The author does an excellent job of sequencing the book. Even though Henry is shuttling back and forth in every chapter, she manages to move the plot forward. You do feel that you see Henry and Clare meeting, falling in love, starting a marriage and going through the stages of their lives. You do get to know their family and friends and see life happen to them.
However, I do feel that the author could have better developed all of her characters, particularly the supporting ones. I wanted to learn more about their close friends, Gomez and Charisse, and their troubled marriage. I felt that the landlady from Henry's child-whom he constantly visited in his time-traveling modes-was a sketch figure that could have been better developed. I wished that the author could have mined deeper into the inner feelings of Henry and Clare.
Still I would highly recommend this book to most readers. (If time-travel books bother you, this won't change your opinion.) It is a good, hard-to-put down read. And at the end, you're exhausted by all the travel!
4 Comments 532 people found this helpful. Was this review helpful to you? Yes No Sending feedback...
Thank you for your feedback.
Sorry, we failed to record your vote. Please try again
Report abuse
Format: Hardcover
I stumbled across this book by mistake and hesitated to read it simply because it was 518 pages. To my surprise, I devoured this book in a few days and felt a pang of sadness when it was finished. The author crafts a story of something that is quite unbelievable and yet deftly makes it so very believable. I was hooked after the first chapter. Niffenegger managed to suck me in to this story so that I felt emotionally bound to the characters and their plight. It's a tragic story that weaves so much love/pain/joy/disappointment that it fairly bursts with emotion. Read it!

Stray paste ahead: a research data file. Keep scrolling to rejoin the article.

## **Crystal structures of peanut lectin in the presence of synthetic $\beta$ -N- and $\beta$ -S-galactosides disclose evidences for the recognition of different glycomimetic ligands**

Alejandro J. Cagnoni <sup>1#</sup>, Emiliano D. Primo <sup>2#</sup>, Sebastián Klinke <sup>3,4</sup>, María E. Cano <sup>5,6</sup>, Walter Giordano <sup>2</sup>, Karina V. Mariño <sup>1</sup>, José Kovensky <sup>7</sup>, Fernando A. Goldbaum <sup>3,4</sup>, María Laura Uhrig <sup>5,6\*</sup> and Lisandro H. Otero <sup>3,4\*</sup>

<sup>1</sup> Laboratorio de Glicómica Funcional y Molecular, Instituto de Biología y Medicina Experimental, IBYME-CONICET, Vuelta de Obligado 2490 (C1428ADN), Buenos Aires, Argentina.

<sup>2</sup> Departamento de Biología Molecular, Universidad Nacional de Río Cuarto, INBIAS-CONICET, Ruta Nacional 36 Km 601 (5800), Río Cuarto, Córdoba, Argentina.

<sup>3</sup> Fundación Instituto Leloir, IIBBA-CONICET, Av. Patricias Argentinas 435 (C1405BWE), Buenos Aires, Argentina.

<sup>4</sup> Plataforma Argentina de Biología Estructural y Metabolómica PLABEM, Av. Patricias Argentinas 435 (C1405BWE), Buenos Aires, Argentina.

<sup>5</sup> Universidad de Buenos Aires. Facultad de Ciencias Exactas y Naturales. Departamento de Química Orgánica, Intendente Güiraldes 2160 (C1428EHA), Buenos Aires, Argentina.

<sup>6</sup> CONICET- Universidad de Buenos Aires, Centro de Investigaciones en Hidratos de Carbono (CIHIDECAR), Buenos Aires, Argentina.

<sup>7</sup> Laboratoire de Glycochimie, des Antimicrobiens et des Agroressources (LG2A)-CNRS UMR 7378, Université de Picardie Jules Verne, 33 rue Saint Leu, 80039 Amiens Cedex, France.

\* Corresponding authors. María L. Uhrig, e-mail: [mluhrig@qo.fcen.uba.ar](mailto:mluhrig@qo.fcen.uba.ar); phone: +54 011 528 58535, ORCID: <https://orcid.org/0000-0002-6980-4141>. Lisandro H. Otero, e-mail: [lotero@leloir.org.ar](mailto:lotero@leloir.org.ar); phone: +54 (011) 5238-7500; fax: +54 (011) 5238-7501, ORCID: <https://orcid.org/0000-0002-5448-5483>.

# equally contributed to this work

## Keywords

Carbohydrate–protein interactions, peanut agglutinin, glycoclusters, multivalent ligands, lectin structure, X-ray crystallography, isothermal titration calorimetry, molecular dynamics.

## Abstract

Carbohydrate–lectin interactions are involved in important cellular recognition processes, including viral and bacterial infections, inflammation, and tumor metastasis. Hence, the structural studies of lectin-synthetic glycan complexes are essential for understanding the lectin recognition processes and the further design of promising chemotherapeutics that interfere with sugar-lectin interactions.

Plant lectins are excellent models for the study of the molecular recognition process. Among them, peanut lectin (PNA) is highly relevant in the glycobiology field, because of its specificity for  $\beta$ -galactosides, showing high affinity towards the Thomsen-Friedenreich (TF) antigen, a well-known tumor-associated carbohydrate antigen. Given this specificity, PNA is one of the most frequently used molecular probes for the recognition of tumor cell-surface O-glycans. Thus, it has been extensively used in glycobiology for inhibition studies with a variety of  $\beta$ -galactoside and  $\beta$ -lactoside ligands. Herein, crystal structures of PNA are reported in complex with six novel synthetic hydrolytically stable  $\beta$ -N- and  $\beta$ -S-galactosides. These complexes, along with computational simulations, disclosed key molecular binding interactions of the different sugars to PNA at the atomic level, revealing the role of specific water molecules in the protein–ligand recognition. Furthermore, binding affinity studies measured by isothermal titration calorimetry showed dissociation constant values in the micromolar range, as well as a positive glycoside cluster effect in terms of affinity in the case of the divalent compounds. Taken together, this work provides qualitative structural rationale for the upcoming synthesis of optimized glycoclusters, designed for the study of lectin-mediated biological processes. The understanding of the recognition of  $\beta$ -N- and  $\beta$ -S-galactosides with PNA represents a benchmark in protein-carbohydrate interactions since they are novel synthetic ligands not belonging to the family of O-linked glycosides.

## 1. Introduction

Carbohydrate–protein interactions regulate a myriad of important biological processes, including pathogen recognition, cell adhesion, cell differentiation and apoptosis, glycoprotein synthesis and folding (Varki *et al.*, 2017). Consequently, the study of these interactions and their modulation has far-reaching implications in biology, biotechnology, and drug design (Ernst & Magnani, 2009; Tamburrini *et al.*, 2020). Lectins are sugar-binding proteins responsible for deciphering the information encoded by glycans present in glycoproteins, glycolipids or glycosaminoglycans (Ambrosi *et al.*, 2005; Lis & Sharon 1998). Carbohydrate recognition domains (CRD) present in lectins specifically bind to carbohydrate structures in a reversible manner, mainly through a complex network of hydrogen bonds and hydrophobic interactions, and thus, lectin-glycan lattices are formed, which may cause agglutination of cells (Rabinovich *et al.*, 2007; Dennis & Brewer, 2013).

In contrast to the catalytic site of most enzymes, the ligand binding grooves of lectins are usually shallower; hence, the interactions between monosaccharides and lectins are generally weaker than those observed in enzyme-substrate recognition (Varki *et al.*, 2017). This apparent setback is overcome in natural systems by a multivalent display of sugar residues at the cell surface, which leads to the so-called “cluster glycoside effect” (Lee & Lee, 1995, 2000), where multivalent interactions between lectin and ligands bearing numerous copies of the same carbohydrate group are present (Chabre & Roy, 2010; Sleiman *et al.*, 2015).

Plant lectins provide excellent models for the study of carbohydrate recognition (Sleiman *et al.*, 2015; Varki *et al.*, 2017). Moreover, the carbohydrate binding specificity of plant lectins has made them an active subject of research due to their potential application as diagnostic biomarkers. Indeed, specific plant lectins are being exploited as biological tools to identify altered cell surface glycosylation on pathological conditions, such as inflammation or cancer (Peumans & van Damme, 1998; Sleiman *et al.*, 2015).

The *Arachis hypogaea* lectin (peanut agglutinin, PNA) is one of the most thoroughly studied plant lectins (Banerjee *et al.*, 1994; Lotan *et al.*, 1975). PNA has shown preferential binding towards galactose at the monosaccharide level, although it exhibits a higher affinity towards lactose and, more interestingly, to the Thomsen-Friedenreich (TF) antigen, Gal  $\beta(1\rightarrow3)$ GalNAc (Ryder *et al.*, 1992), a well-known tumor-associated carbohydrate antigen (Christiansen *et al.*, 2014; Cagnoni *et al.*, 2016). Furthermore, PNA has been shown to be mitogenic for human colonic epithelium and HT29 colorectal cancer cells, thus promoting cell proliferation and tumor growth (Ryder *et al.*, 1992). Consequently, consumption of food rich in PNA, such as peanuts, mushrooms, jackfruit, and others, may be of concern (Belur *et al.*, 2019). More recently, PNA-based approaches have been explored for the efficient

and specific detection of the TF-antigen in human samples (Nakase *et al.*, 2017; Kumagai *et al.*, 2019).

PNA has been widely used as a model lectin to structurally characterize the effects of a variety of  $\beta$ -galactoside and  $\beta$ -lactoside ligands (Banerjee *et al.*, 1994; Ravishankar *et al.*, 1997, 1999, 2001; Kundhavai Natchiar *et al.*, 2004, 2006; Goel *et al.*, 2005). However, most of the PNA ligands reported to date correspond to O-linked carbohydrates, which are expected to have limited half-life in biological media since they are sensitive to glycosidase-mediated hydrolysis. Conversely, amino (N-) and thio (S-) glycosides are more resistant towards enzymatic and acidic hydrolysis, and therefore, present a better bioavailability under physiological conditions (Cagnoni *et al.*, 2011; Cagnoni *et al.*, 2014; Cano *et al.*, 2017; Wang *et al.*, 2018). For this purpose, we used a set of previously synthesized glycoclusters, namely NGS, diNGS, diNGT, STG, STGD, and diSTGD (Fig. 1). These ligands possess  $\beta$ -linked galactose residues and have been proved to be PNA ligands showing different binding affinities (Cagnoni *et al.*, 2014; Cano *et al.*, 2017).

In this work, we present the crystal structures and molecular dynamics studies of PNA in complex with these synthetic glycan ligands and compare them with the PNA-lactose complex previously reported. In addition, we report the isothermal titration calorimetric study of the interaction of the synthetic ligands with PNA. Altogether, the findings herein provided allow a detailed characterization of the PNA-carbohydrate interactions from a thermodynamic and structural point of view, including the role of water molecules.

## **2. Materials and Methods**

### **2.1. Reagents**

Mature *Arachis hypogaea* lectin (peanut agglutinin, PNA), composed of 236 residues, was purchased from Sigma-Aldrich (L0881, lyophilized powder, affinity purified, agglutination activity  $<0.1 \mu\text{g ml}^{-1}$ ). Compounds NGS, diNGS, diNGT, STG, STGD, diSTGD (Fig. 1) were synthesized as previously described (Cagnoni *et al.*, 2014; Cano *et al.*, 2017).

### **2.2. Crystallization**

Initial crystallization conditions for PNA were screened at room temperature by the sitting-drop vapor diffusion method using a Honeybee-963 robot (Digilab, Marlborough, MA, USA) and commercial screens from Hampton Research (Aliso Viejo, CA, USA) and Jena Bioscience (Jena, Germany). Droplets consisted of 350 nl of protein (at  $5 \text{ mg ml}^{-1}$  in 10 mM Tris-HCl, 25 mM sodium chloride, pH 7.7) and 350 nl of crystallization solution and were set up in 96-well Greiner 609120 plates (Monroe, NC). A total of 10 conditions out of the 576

4 Comments 194 people found this helpful. Was this review helpful to you? Yes No Sending feedback...
Thank you for your feedback.
Sorry, we failed to record your vote. Please try again
Report abuse
Format: Paperback
I'm quite obviously in the minority here, particularly among non-fans: I found the narrative jumping around in time to be quite effective - the characters are often confused and surprised by non-linear time; this device gives us a taste of that. Nor was I bothered by the use of profanity, descriptions of sexuality, or the idea that an adult Henry maintains contact with Claire as a child.

It's what happens (or doesn't happen) in the space between that sets my teeth on edge. For example: we are forced to endure paragraph (after paragraph after paragraph) describing a game of pool. Not the interactions between characters during said pool game, no no. If you like to listen to golf on the radio, then you might find who-made-what-shot-in-which-pocket to be entertaining. I started to rage because I was wasting so much time reading this nonsense.

I was also thoroughly annoyed at the 'name dropping' style of writing that was sometimes rewarded with an explanation, but most often not. I can't remember all of the characters names offhand, but they'll enter the story with something like, 'Fred walked in and startled me.' Yeah, he startled me too. Who the hell is Fred? We find out several pages later, 'Fred Flintstone was a childhood friend'. Thanks, coulda used that information ten minutes ago.

But this isn't limited to people. The characters ponder going to Ann Sather's for something to eat. Neighbor? Relative? Last night's one-night-stand who happens to make great waffles? Two pages later it's revealed that it's a Swedish restaurant. They talk of the CSO - only later can the acronym be explained as the Chicago Symphony Orchestra. As a Chicago native I recognized these references, but they grated on me nonetheless.

Same with descriptions.
Read more ›
55 Comments 436 people found this helpful. Was this review helpful to you? Yes No Sending feedback...
Thank you for your feedback.
Sorry, we failed to record your vote. Please try again
Report abuse

Most Recent Customer Reviews